The Global Digest (English) - - Contents - By John S. Thang

Back­ground His­tory

South­east Asia is a sub-re­gion of Asia, con­sist­ing of coun­tries that are ge­o­graph­i­cally south of China, east of In­dia, west of New Guinea and north of Aus­tralia. The re­gion lies at the in­ter­sec­tion of ge­o­log­i­cal plates, with heavy seis­mic and vol­canic ac­tiv­ity (na­tion­son­line.org). South­east Asia is the ter­mi­nol­ogy of its ge­o­graph­i­cal name since the be­gin­ning of the earth. Whether they like or dis­like those coun­tries be­longed to this ge­o­graph­i­cal is known as South­east Asia. Namely, they are Brunei, Burma (Myan­mar), Cam­bo­dia, In­done­sia, Laos, Malaysia, the Philip­pines, Sin­ga­pore, Thai­land and Viet­nam.

In an­cient times, there were no coun­tries like there is now. For ex­am­ple, cur­rent Myan­mar was formed by eight dif­fer­ent eth­nic na­tion­al­i­ties, Chin, Kachin, Karen, Karenni, Mon, Bur­man, Arakan and Shan. There were also no fixed bound­aries in an­cient times in the whole South­east Asian re­gion. The cur­rent bound­aries of the coun­tries were mostly drawn by col­o­niz­ers. There­fore eth­nic­ity and ter­ri­tory are over­lap­ping among South­east Asian coun­tries.

In his­tory, out­siders used to call South­east Asia in dif­fer­ent ways to its dif­fer­ing parts. Dur­ing the clas­si­cal age, the ex­is­tence of South­east Asia has been known to the Greeks. The Egyp­tian as­tronomer Ptolemy in his Geographia named the Malay Penin­sula as Aurea Cher­son­e­sus (Golden Penin­sula) while Java was called Laba­dius. An an­cient Hindu text may have ear­lier re­ferred to main­land South­east Asia as Suvarnabhumi which means land of gold and in­su­lar South­east Asia as Su­var­nad­vipa which means is­land or penin­su­lar of gold. Euro­peans first came to South­east Asia in the 16th cen­tury (his­to­ry­world.net).

South­east Asia agri­cul­ture is known for rice. Rice pad­dies are well-suited for mon­soons in South­east Asia. The rice pad­dies of South­east Asia have ex­isted for a mil­len­nia, with ev­i­dence for their ex­is­tence co­eval with the rise of agri­cul­ture in other parts of the globe (worldli­brary.org).

For­mal group­ing of the re­gion

The As­so­ci­a­tion of South­east Asian Na­tions, in the acro­nym ASEAN, is a for­mal geo-po­lit­i­cal or­ga­ni­za­tion of ten coun­tries lo­cated in South­east Asia, the only for­mal re­gional group­ing or­ga­ni­za­tion in Asia. They are Brunei, Burma (Myan­mar), Cam­bo­dia, In­done­sia, Laos, Malaysia, the Philip­pines, Sin­ga­pore, Thai­land and Viet­nam.

At the end of col­o­niza­tion and be­gin­ning of Cold War, ASEAN coun­tries were strug­gling for na­tion build­ing, the com­mon fear of com­mu­nism, re­duced faith in or mis­trust of ex­ter­nal pow­ers in the 1960s, and a de­sire for eco­nomic de­vel­op­ment. On 8 Au­gust 1967 in Bangkok, Thai­land, the ASEAN Dec­la­ra­tion (Bangkok Dec­la­ra­tion) was signed by the 5 South­east Asia coun­tries, namely In­done­sia, Malaysia, Philip­pines, Sin­ga­pore and Thai­land (asean.org).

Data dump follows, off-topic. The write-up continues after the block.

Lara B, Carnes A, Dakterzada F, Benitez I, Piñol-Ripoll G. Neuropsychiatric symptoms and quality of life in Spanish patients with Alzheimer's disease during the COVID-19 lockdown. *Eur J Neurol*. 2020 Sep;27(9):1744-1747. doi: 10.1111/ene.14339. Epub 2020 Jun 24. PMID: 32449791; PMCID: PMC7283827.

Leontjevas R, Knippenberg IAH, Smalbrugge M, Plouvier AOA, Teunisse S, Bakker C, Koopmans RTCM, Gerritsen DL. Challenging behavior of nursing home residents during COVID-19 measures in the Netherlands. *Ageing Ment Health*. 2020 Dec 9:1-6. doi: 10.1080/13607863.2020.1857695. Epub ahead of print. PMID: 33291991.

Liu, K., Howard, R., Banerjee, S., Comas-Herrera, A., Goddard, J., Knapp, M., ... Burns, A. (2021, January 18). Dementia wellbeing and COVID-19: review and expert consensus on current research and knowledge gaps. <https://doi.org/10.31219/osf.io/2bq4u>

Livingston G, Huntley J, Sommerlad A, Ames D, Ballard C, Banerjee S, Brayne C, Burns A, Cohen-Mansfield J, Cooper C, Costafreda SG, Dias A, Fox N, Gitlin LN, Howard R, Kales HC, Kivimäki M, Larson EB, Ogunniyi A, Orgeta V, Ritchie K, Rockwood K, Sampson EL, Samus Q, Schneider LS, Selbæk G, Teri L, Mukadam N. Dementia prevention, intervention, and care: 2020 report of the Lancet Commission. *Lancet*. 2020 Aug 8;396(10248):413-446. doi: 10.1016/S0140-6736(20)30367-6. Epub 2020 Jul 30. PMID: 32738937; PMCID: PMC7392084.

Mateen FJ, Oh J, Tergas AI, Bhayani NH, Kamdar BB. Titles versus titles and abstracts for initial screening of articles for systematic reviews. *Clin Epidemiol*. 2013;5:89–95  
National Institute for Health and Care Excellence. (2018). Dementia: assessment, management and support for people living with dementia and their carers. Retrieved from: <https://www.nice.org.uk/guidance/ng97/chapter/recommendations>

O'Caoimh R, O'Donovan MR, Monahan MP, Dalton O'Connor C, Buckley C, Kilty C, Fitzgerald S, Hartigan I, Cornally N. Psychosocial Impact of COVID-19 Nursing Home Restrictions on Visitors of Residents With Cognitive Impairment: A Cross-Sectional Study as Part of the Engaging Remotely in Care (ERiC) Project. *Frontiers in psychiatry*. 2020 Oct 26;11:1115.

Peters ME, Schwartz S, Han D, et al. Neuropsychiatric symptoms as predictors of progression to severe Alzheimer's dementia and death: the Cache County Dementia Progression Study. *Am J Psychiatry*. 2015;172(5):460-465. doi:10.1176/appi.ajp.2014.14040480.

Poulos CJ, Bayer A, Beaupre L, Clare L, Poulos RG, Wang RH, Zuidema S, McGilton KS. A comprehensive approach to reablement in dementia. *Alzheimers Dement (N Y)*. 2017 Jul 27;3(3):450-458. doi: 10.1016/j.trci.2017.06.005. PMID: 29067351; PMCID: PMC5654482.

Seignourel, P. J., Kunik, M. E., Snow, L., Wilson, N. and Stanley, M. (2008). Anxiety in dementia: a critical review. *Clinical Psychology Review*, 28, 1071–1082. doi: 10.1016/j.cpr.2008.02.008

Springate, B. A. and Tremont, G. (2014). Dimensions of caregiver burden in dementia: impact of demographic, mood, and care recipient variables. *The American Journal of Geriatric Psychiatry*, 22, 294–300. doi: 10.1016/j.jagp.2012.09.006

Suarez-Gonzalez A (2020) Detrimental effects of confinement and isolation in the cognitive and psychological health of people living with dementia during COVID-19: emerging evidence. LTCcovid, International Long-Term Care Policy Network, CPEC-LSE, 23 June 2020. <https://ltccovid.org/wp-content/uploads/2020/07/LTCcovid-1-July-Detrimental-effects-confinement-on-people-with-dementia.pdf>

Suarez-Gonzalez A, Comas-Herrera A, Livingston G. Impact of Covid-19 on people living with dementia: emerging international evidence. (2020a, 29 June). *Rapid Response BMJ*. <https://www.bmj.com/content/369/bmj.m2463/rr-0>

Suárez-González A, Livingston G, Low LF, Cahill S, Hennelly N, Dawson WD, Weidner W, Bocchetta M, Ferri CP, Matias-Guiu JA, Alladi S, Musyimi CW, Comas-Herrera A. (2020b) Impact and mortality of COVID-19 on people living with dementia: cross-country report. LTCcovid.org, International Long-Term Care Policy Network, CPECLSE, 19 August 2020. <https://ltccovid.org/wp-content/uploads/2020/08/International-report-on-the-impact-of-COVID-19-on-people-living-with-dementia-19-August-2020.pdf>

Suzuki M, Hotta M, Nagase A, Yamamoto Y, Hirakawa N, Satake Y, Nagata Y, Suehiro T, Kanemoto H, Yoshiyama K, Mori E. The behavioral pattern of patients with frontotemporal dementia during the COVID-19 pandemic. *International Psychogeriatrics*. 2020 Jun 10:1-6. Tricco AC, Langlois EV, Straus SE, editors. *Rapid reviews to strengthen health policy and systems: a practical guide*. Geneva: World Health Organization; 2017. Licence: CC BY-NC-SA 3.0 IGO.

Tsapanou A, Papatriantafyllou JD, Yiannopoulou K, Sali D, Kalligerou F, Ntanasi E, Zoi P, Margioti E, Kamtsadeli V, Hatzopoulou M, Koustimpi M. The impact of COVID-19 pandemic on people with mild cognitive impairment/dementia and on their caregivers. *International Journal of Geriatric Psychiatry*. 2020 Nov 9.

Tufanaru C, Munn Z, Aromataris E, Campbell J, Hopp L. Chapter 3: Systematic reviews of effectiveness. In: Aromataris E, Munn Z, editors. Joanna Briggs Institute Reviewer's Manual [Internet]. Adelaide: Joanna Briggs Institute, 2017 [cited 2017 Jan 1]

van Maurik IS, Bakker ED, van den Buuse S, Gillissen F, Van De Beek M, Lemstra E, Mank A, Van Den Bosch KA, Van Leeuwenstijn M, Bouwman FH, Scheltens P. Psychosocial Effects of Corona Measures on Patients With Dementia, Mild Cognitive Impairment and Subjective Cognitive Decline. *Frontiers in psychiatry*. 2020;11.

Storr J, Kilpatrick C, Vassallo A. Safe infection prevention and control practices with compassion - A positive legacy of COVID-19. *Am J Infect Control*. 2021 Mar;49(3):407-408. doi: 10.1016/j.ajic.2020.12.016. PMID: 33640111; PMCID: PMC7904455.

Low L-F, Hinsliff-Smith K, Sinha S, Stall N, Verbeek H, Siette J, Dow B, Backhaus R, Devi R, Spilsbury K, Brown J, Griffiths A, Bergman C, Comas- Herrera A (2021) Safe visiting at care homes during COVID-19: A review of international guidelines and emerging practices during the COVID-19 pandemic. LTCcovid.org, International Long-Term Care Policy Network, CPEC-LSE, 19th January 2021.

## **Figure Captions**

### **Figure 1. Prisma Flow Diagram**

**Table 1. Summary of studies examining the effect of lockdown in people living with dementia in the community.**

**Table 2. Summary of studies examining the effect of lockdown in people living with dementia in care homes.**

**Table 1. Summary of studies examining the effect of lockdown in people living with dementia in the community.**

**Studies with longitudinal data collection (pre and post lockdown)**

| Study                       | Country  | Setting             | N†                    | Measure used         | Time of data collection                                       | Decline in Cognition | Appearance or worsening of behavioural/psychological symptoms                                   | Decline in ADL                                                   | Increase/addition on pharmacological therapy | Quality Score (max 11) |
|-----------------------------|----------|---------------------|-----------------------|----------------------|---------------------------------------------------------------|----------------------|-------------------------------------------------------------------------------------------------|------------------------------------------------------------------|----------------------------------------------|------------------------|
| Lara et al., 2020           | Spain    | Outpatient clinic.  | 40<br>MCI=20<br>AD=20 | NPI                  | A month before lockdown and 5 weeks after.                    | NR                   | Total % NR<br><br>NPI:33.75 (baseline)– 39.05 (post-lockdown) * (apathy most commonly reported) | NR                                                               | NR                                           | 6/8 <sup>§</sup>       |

Since then the day Au­gust 8 was be­comes the found­ing day of ASEAN. Es­pe­cially, th­ese 5 coun­tries had more wor­ried in the vac­u­umed of se­cu­rity in the re­gion in amidst of Cold War, ten­sion be­tween two blocks, com­mu­nist and democ­racy groups. The other mem­bers, most of main­land South­east Asia na­tions, were closer to China. Later, Myan­mar, as well as, Lao PDR joined ASEAN to­gether on the same 23 July 1997.

Ac­cord­ing to the group’s state­ment, its aims in­clude ac­cel­er­at­ing eco­nomic growth, so­cial progress, cul­tural de­vel­op­ment among its mem­bers, pro­tec­tion of re­gional peace and sta­bil­ity, and op­por­tu­ni­ties for mem­ber coun­tries to dis­cuss dif­fer­ences peace­fully (asean.org).

The group be­comes more for­mal when they de­vel­oped ASEAN Char­ter. The ASEAN Char­ter en­tered into force on 15 De­cem­ber 2008 (asean.org). The ASEAN Char­ter serves as a firm foundation in achiev­ing the ASEAN Com­mu­nity by pro­vid­ing le­gal sta­tus and in­sti­tu­tional frame­work for ASEAN. It also cod­i­fies ASEAN norms, rules and val­ues; sets clear tar­gets for ASEAN; and presents ac­count­abil­ity and com­pli­ance. In ef­fect, the ASEAN Char­ter has be­come a le­gally bind­ing agree­ment among the 10 ASEAN Mem­ber States. The group said it will also be reg­is­tered with the Sec­re­tar­iat of the United Na­tions, pur­suant to Ar­ti­cle 102, Para­graph 1 of the Char­ter of the United Na­tions (asean.org).

ASEAN cov­ers a land area of 4.46 mil­lion km², which is 3% of the to­tal land area of the Earth, and has a pop­u­la­tion of ap­prox­i­mately 600 mil­lion peo­ple, which is 8.8% of the world’s pop­u­la­tion (asean.org). Many econ­o­mists be­lieve ASEAN as a sin­gle en­tity ranks the eighth largest econ­omy in the world.

An­other im­por­tant one the group has suc­cess­fully de­vel­oped ASEAN Hu­man Rights Dec­la­ra­tion at its Novem­ber 2012 meet­ing in Ph­nom Penh. The Dec­la­ra­tion de­tails ASEAN na­tions’ com­mit­ment to hu­man rights for its peo­ple (suhakam.org.my).

The fu­ture of ASEAN is bright and strong as the only and strong­est Asian for­mal or­ga­ni­za­tion. ASEAN will keep go­ing well in the fu­ture in the re­gional and in­ter­na­tional arena. It’s also time for other Asian coun­tries to co­op­er­ate with ASEAN.

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